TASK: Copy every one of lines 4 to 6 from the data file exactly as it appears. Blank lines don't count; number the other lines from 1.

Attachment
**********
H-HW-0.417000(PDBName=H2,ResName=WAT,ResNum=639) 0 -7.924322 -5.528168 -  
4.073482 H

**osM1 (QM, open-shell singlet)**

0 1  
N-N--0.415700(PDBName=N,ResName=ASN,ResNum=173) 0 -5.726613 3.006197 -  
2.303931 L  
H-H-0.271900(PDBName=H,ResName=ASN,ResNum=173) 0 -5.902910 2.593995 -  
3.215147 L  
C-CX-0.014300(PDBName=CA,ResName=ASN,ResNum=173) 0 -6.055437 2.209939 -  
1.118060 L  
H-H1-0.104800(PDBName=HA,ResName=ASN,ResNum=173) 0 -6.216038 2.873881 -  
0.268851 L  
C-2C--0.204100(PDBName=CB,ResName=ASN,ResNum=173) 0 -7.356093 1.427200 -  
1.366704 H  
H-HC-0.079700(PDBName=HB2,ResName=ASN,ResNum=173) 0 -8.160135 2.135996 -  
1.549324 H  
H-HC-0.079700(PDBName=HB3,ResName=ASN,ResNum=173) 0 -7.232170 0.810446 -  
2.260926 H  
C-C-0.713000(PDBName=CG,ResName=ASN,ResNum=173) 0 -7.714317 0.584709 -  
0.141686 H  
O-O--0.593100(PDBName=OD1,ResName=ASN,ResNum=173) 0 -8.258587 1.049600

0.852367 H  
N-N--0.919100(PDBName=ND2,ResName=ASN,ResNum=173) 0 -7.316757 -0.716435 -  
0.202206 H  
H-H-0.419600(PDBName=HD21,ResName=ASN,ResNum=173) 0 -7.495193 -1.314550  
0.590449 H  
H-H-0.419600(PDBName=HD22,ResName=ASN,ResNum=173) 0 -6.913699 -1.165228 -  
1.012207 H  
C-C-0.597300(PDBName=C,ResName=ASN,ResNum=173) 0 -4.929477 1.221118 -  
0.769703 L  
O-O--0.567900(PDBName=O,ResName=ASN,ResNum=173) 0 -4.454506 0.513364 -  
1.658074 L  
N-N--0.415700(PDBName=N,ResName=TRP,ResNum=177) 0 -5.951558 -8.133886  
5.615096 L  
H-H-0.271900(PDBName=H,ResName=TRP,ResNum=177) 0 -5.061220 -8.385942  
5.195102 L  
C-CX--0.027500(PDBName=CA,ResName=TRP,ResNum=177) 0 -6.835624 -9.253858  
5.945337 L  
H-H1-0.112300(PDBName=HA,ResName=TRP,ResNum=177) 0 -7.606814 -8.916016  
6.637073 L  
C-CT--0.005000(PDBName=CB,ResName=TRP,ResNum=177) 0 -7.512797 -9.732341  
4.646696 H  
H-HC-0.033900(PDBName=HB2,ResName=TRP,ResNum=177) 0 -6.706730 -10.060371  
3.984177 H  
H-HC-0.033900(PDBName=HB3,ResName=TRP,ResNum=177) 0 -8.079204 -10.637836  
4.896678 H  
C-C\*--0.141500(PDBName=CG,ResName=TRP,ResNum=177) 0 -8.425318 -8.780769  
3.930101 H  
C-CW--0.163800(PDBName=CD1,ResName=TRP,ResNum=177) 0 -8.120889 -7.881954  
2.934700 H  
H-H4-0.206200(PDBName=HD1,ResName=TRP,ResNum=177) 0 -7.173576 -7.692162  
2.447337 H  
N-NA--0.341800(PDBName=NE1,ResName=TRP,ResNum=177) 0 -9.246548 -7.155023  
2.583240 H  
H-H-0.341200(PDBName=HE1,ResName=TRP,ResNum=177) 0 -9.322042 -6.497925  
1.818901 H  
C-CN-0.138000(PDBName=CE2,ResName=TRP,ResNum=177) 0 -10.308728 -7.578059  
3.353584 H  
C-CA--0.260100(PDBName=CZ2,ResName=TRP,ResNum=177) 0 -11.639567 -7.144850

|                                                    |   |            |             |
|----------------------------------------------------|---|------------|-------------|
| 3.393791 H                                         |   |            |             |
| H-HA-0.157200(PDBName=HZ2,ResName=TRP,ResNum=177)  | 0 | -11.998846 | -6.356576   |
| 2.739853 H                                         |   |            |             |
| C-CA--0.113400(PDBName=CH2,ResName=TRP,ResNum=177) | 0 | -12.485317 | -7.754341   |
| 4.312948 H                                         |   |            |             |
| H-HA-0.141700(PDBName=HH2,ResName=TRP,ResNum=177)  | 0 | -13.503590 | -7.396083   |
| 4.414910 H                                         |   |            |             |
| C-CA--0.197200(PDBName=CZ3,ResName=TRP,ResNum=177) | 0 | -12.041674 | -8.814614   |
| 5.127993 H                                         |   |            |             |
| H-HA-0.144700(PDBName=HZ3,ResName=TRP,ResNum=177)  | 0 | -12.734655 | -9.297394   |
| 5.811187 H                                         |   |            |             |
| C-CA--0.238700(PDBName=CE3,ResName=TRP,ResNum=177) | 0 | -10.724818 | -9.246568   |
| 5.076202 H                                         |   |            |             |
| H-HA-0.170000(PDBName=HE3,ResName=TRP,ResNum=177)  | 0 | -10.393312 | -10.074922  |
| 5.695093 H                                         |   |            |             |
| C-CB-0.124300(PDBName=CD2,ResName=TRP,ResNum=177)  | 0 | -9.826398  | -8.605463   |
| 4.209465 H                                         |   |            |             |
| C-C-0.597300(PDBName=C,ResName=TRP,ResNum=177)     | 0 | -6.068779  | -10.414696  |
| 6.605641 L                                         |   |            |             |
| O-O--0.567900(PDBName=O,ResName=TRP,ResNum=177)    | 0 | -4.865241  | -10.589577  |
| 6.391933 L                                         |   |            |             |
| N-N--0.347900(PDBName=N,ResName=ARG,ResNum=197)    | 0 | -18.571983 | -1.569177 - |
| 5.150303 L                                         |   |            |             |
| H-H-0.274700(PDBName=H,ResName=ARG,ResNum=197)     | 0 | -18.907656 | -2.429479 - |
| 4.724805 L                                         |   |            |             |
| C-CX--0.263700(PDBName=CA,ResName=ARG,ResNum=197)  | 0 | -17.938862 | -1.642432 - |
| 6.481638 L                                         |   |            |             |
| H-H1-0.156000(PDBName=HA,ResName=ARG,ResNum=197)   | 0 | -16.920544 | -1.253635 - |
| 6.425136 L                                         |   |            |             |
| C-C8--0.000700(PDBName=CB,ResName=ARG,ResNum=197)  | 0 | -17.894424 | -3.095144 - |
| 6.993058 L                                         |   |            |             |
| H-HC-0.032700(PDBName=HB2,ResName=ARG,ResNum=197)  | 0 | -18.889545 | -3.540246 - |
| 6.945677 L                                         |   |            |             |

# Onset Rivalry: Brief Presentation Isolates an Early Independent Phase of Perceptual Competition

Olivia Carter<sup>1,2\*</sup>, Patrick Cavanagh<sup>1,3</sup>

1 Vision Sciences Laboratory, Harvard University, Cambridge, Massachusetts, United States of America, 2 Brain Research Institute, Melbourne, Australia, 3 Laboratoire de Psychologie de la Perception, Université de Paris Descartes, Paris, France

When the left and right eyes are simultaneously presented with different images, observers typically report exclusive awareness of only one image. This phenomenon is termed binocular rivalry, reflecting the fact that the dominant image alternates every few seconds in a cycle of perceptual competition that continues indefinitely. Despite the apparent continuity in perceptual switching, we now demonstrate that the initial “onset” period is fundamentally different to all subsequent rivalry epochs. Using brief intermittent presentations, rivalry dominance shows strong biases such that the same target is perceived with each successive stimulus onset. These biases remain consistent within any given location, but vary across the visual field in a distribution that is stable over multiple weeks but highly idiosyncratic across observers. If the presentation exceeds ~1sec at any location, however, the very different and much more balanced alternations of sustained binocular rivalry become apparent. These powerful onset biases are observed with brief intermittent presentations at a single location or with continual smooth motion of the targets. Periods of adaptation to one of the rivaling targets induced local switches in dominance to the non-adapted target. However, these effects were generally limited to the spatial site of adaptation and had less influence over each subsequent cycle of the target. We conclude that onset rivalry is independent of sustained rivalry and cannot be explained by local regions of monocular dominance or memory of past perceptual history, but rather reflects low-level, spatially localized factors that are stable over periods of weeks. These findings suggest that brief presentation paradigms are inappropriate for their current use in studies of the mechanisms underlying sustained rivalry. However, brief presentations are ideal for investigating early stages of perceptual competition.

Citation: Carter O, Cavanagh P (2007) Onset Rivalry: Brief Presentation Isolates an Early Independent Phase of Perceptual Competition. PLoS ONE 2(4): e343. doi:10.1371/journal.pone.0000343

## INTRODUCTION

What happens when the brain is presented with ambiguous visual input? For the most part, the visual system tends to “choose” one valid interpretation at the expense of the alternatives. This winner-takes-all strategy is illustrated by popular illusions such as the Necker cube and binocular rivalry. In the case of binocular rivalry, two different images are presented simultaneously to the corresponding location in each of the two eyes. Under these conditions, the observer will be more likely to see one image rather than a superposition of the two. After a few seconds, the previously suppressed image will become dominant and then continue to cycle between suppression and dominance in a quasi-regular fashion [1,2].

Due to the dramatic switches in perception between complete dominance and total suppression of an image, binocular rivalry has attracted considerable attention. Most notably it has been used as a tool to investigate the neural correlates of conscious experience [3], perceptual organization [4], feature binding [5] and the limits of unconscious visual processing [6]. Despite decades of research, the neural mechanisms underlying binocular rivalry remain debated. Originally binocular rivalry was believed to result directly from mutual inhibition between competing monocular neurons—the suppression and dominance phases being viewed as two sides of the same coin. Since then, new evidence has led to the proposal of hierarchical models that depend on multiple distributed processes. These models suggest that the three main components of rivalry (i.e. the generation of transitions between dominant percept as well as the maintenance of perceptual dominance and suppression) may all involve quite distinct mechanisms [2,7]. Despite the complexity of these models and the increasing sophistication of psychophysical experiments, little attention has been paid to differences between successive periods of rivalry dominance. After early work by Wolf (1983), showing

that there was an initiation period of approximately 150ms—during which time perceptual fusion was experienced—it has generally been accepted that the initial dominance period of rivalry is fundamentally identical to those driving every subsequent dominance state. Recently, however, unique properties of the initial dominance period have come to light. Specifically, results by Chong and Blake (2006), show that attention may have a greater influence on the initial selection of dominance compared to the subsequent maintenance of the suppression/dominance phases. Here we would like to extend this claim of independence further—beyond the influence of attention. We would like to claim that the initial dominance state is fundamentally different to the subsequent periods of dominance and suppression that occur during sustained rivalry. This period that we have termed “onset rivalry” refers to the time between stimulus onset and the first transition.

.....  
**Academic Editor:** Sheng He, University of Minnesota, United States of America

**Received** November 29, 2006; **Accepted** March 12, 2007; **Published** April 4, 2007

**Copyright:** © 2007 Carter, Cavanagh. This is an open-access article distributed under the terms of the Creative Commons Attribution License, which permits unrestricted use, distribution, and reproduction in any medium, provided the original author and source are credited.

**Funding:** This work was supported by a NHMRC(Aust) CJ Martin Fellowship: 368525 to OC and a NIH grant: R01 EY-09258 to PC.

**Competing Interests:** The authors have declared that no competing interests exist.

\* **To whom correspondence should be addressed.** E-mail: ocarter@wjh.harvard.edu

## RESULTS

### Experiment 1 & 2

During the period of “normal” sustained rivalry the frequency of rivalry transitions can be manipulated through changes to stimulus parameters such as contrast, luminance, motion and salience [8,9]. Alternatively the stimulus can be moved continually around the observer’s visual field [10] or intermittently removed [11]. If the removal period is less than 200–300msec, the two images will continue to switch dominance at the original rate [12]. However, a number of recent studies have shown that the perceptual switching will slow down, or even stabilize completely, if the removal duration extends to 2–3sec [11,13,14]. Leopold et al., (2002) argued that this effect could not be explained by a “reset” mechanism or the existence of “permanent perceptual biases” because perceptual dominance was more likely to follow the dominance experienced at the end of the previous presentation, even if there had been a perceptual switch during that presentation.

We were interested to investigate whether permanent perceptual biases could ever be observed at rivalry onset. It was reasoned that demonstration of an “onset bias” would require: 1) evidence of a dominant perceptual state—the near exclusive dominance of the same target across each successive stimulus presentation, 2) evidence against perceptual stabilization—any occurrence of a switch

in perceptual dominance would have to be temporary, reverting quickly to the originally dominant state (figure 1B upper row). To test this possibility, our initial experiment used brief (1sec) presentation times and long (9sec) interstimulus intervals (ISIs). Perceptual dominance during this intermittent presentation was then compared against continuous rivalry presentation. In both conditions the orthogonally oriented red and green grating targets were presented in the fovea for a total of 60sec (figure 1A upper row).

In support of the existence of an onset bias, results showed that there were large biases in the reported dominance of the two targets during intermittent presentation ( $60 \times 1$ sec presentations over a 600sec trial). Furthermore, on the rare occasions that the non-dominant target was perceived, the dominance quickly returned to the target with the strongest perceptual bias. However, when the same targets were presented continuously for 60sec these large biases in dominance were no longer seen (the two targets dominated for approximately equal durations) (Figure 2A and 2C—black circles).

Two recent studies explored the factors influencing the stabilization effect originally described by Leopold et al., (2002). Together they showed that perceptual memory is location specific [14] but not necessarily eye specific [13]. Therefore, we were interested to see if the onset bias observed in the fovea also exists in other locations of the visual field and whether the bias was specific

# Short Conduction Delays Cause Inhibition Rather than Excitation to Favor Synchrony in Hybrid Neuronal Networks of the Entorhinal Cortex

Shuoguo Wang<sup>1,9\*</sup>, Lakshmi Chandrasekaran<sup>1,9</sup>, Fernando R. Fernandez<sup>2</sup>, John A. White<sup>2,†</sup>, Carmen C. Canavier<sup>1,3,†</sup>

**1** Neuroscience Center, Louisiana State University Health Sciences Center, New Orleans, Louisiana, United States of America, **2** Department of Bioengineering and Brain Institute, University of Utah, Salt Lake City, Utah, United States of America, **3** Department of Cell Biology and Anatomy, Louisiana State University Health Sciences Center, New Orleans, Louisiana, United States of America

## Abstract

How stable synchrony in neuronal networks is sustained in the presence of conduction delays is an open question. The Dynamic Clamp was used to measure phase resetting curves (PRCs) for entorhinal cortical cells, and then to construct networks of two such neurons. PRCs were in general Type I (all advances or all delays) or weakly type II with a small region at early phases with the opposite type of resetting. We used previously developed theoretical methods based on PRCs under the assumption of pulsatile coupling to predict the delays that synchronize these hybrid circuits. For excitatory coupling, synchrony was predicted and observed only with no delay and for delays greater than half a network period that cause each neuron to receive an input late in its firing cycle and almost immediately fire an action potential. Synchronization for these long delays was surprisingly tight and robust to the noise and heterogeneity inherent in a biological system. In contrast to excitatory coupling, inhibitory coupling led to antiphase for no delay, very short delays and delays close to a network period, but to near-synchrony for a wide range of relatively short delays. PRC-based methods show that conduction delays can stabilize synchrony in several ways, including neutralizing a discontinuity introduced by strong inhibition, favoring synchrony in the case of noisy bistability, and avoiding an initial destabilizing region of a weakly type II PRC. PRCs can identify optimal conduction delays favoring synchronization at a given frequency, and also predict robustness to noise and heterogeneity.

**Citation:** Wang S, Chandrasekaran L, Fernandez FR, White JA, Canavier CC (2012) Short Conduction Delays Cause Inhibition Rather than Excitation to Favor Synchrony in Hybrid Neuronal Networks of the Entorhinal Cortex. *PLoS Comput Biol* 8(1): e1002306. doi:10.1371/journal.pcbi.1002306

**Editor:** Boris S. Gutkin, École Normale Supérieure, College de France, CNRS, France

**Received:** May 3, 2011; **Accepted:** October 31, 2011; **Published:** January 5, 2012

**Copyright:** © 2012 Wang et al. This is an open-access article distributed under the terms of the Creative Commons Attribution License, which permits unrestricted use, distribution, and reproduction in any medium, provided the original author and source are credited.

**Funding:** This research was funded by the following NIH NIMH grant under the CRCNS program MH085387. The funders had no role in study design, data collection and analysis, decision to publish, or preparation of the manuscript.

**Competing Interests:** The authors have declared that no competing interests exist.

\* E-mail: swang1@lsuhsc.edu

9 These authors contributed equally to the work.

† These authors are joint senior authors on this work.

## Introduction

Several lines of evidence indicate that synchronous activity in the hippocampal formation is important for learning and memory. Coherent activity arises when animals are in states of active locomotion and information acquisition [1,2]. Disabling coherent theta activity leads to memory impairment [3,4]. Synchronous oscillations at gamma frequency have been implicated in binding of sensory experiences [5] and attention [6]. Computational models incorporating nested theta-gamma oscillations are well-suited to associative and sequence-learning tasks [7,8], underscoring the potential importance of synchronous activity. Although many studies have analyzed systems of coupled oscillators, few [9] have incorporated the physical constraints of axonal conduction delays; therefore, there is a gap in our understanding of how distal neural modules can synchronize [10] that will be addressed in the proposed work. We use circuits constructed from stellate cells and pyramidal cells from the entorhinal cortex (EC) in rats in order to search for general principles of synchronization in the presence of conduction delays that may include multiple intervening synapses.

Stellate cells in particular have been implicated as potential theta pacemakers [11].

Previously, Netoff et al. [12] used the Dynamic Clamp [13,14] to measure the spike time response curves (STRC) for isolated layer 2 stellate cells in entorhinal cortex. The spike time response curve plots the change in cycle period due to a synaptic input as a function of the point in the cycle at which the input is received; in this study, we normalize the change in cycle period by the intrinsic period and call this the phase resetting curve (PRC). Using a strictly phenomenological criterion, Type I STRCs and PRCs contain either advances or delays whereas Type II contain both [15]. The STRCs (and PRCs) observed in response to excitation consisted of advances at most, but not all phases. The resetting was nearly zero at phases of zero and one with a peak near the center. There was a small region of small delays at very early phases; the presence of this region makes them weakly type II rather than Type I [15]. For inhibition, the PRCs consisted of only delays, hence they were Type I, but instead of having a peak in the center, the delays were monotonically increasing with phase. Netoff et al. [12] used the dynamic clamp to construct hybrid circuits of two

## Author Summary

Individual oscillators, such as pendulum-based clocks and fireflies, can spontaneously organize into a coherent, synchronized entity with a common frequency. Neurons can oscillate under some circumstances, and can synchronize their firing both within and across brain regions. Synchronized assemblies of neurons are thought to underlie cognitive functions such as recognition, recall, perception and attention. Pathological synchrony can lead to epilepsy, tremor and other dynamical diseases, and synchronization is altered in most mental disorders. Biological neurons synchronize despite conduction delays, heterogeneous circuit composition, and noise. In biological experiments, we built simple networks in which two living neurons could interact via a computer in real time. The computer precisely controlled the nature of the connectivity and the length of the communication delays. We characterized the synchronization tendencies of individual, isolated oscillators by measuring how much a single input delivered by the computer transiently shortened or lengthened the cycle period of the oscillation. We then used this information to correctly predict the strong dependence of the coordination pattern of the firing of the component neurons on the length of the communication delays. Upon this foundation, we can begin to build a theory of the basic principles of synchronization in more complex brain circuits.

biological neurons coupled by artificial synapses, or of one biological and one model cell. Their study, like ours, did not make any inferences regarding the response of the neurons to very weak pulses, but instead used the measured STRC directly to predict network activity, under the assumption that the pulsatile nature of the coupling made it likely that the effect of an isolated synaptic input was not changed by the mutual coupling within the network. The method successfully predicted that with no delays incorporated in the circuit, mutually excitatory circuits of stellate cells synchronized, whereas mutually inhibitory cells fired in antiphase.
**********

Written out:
0 1  
N-N--0.415700(PDBName=N,ResName=ASN,ResNum=173) 0 -5.726613 3.006197 -  
2.303931 L  